Frozen Garlic and Onion Puree « Vegetarian Perspective Onions and garlic are rolling out of the fields and into our kitchens, and school is about to start. What do these two ideas have in common? Kids, shortcuts and planning ahead. Here’s the kid part: I am fortunate to have a child who is proud to tell anyone that he likes onions, but I know lots of families with picky eaters who will go through great pains to avoid these foods. My Brazilian aunt couldn’t stand that her daughters wouldn’t eat onions or garlic, so she began to puree them with olive oil. When she cooked, the flavors were there, but no visible remains were to be seen or picked out by the girls. I’ve made pastes like Thai curry and roasted chile and frozen them successfully before, so I thought I’d see what happens with the onion garlic combo in the freezer. I have an automatic ice-maker and no ice cube trays so instead I use a cake pan to freeze my purees. Once the paste is a little frozen, I score it with my pastry blade then pop it back into the freezer to firm up. olive oil
How to Build Your Very Own Tron Legacy LED Light Suit Ever since the Tron Legacy trailer debuted, old and new fans alike of been jonesing for some real life light cycles and light suits. Here's a dude that took matter into his own hands and built a completely kickass LED Tron Legacy costume that is actually quite functional. On his Instructable for the project sheetmetalchemist says, My goals in making this costume were to make a robust, easily washable, waterproof, Tron style suit which was energy efficient to minimize battery weight and hardware bulk. Even if you aren't interested in making a Tron suit, I would highly recommend reading the section on lighting implementation - I did not individually stitch each LED with conductive thread...instead I used a combination of silicone coated LED strips and faux leather to produce a beautiful, diffuse light without seeing those pesky LED points. If you've ever tackled any DIY project that involve LED's, you know how challenging it was for this guy to come up with this design.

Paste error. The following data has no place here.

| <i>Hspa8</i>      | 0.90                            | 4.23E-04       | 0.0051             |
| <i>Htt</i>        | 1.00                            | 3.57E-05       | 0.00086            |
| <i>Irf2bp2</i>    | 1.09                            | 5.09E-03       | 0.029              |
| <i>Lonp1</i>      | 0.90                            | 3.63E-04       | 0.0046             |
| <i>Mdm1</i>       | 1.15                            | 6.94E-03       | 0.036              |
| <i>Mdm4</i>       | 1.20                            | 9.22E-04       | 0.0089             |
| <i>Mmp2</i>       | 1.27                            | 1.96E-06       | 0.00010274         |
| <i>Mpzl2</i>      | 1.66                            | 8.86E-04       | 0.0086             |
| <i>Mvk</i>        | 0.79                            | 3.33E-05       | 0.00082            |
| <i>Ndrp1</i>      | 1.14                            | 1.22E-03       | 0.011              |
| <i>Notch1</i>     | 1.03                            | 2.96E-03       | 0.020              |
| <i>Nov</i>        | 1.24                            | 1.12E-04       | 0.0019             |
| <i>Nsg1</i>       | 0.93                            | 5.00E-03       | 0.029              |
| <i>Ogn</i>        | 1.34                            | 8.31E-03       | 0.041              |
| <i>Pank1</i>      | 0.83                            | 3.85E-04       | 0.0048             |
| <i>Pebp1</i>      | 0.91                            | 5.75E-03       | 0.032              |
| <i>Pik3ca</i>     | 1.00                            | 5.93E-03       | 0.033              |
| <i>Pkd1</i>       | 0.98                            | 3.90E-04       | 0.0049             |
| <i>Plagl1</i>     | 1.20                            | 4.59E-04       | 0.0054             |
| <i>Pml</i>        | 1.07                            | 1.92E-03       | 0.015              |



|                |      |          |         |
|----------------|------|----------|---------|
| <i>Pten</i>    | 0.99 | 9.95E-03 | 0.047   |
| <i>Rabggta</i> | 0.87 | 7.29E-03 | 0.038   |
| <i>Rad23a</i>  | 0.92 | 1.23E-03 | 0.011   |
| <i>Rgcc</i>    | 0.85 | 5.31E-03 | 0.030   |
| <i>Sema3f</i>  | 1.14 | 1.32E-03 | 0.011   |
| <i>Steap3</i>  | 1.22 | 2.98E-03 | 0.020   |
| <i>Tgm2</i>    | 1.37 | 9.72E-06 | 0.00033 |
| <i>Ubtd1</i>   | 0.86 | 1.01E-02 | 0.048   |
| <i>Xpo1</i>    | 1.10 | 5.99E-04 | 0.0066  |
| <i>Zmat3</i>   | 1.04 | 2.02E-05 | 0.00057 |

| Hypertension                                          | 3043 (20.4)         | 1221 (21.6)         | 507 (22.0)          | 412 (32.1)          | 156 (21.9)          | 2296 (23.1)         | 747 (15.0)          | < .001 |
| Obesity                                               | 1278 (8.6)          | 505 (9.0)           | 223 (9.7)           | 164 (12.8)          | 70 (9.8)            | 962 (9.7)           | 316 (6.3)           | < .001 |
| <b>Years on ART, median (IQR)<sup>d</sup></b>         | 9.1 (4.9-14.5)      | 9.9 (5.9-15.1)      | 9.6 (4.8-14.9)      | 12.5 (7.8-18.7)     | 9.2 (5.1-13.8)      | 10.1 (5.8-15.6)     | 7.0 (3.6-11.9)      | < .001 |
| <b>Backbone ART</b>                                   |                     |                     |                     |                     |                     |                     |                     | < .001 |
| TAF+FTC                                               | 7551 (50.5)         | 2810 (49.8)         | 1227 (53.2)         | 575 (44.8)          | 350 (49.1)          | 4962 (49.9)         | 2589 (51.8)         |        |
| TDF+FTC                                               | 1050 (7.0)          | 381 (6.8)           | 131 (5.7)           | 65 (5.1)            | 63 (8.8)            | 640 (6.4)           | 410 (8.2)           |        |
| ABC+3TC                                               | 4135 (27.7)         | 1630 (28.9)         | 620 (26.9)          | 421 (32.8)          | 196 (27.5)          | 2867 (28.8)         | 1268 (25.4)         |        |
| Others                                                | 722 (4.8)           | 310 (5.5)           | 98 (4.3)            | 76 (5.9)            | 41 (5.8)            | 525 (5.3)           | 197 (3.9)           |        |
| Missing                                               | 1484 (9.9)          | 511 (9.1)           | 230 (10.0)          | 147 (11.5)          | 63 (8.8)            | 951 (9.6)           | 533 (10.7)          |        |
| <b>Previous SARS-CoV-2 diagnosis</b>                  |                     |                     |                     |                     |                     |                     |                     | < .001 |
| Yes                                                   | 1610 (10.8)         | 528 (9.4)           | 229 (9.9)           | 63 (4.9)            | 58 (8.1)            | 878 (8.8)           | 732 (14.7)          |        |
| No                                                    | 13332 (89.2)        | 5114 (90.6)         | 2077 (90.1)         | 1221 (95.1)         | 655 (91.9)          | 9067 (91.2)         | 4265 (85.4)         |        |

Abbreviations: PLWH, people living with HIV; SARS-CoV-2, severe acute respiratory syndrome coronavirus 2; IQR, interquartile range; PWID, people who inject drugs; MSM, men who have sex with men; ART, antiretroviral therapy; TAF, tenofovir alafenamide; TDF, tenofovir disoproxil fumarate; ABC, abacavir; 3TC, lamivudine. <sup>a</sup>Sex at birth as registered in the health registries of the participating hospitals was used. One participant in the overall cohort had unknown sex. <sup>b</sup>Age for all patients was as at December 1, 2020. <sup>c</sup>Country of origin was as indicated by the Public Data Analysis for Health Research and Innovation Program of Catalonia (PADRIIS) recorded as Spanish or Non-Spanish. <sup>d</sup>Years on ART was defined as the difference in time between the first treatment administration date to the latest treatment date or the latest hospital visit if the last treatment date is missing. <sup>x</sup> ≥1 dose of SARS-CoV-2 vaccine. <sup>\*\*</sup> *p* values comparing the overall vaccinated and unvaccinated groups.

Cooking-Oil-Comparison-Chart.pdf (application/pdf Object) You already know that Extra Virgin Olive Oil is good for you. But what do you choose when it’s time to branch out and try something new? There are a lot of cooking oils out there, and many have misleading health claims on the label. It can be a bit overwhelming when you walk down the oil aisle in the store. Some oils are very healthful, others not so much — and for different reasons. Why, with The Cooking Oil Comparison Chart, of course! I’ve teamed up with Andy Bellatti, MS, RD, to help answer these questions with this chart. We focused on two main factors, healthfulness and temperature-sensitivity, since some oils lose their health benefits when heated. Andy has written a post on his blog explaining the science behind our oil comparisons, so you’ll know why each oil is where it is on the chart. The Cooking Oil Comparison Chart737kb PDF, Updated Feb 22, 2012 PS – Huge thanks to Andy for jumping on board when I proposed this project to him. You may also like my other printables: